Unfortunately, my opinion of it is not too strong.
As I understand it — and again, this comes only after tinkering with it for about half an hour — netwox encapsulates more than 220 tools, all aimed at network troubleshooting.
That on its own is quite impressive. My complaint comes in how netwox is arranged. Apparently, you access the tools by number. In other words,
netwox 1 is a rundown of local network hardware.
netwox 2 is a debug mode.
netwox 3 is an IP address or hostname query. And so forth.
Cumbersome. Not impossible, but obviously ungraceful.
And unfortunately, this is where netwox falls down again for me. Because unless you use it frequently enough to memorize each of the available tools, you’re going to need some sort of index to see what’s available to you.
The man page is no help. It refers you to a documentation file — net-wox-5.39.0-doc_html.tgz — that doesn’t seem to be included with the Debian version, although there is a
toollist.txt.gz hiding in /usr/share/doc/netwox/. Look there if you want a full list of tools you can try.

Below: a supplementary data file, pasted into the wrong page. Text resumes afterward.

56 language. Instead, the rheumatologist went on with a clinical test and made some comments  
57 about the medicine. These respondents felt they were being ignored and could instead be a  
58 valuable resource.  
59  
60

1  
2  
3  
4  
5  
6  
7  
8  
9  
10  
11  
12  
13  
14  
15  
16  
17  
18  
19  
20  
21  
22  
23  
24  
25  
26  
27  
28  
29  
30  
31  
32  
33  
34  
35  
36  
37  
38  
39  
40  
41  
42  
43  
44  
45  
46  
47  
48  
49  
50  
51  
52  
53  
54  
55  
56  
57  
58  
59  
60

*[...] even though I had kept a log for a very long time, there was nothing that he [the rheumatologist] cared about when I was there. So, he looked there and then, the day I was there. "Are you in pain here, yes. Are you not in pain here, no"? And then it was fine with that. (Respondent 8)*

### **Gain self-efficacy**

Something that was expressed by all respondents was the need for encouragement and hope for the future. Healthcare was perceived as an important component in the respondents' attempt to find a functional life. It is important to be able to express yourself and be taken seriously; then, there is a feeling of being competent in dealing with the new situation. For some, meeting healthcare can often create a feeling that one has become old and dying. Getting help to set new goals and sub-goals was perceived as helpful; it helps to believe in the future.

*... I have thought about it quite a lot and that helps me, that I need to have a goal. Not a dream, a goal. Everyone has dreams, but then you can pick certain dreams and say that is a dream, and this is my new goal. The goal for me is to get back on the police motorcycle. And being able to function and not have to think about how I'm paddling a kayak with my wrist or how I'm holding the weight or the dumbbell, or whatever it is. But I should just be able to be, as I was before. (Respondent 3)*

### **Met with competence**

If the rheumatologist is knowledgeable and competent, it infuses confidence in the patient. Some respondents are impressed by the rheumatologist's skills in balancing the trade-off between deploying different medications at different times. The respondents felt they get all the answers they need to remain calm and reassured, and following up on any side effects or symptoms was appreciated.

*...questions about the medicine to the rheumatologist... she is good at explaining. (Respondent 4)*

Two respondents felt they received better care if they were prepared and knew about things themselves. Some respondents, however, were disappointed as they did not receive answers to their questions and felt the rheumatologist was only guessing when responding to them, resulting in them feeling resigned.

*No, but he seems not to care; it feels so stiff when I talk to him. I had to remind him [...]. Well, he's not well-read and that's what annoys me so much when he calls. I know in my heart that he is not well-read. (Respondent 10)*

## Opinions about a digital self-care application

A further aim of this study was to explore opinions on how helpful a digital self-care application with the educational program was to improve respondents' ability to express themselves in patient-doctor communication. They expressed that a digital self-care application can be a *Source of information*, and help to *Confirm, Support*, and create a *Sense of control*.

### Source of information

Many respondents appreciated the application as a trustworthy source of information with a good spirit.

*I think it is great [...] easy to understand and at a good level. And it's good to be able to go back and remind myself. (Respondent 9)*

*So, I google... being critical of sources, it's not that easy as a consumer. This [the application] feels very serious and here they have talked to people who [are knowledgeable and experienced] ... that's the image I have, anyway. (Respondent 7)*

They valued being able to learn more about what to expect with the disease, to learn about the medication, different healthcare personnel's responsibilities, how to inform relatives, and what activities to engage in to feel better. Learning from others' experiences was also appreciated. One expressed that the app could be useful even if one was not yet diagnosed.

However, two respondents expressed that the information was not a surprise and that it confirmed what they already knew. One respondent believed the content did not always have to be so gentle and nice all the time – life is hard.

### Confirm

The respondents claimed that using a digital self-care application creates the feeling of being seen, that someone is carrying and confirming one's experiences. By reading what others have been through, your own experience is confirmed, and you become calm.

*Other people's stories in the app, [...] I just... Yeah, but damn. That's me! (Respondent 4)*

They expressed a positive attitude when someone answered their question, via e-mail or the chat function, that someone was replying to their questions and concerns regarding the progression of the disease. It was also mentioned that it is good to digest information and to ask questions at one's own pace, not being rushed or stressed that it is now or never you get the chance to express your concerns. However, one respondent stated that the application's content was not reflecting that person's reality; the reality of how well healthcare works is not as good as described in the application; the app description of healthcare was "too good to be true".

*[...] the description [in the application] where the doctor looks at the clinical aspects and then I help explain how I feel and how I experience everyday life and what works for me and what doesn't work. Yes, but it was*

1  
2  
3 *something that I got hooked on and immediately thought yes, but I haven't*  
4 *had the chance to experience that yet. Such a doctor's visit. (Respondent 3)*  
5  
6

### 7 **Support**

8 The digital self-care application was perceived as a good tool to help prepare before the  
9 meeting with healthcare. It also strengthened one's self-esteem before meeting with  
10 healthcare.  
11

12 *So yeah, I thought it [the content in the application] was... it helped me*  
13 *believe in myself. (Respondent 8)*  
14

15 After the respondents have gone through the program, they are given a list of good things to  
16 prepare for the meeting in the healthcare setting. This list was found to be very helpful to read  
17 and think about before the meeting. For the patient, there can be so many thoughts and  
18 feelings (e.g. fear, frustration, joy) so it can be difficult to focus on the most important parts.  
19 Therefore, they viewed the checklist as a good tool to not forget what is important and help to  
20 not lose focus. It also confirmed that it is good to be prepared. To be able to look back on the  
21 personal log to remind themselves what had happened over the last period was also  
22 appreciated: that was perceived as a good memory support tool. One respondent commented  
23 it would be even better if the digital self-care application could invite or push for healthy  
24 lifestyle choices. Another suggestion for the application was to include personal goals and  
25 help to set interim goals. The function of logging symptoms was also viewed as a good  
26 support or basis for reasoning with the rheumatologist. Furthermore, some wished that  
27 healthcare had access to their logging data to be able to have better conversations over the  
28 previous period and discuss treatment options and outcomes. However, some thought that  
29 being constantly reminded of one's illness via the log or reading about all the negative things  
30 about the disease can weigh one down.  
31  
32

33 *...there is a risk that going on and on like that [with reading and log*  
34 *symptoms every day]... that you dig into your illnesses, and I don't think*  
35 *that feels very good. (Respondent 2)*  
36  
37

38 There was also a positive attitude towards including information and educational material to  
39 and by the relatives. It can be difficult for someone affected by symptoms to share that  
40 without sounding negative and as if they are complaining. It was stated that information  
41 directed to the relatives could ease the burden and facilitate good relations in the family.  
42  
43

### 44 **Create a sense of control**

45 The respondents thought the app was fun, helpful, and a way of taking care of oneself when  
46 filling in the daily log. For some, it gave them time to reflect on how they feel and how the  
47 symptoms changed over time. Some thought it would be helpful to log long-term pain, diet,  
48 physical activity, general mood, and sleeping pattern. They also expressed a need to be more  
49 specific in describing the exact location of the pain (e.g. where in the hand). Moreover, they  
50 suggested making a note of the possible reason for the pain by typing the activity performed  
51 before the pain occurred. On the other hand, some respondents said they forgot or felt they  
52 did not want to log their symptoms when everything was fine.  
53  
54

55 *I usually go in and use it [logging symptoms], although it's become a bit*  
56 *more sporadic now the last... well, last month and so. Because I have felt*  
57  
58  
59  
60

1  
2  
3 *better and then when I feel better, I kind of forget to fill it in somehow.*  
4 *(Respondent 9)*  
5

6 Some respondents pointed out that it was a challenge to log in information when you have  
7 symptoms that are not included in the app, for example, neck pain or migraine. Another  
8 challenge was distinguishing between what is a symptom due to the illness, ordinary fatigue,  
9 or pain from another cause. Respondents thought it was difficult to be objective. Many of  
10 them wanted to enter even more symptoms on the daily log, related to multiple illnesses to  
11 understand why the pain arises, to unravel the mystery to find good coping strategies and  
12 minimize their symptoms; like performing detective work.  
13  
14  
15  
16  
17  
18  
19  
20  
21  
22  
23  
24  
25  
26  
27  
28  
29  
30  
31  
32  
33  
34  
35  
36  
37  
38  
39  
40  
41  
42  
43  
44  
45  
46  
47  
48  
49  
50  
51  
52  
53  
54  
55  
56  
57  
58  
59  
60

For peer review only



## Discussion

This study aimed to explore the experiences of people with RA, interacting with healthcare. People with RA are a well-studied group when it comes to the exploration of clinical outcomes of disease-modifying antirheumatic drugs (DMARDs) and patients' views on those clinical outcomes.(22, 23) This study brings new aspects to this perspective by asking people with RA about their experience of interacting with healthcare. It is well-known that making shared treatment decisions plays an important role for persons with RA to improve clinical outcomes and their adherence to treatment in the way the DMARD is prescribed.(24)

On the other hand, netwox does have onboard help in both brief and detailed form that you can access on-the-fly, just with
netwox (number) --help or
--help2. That’s a big … help. 🙄
And I will give it credit, that its output is clean and well arranged. It keeps to base ascii characters and displays information in neat sets and columns.
But I can’t get past the fact that it’s just a clumsy way to work a program. There are plenty of applications that use successive mnemonics to get the job done, and it would be my advice that netwox follow that style. The difference is memorizing which numbered tool floods an address with syslog messages (it’s No. 98, if you must know), and just
netwox flood syslog 192.168.1.1 … or something to that effect.
If there’s a way to use netwox like that (short of 220 aliases 😯 ), I couldn’t find it.
I leave it to you to see if netwox is something usable. Like I said, the home page claims the project closed down in 2007, so I’m clearly just flogging a dead horse. All the same, this seems like an example of how not to design a tool, no matter how flexible it is. 😐
P.S.: I should mention that there is an AUR package, but it crashed when I tried compiling it.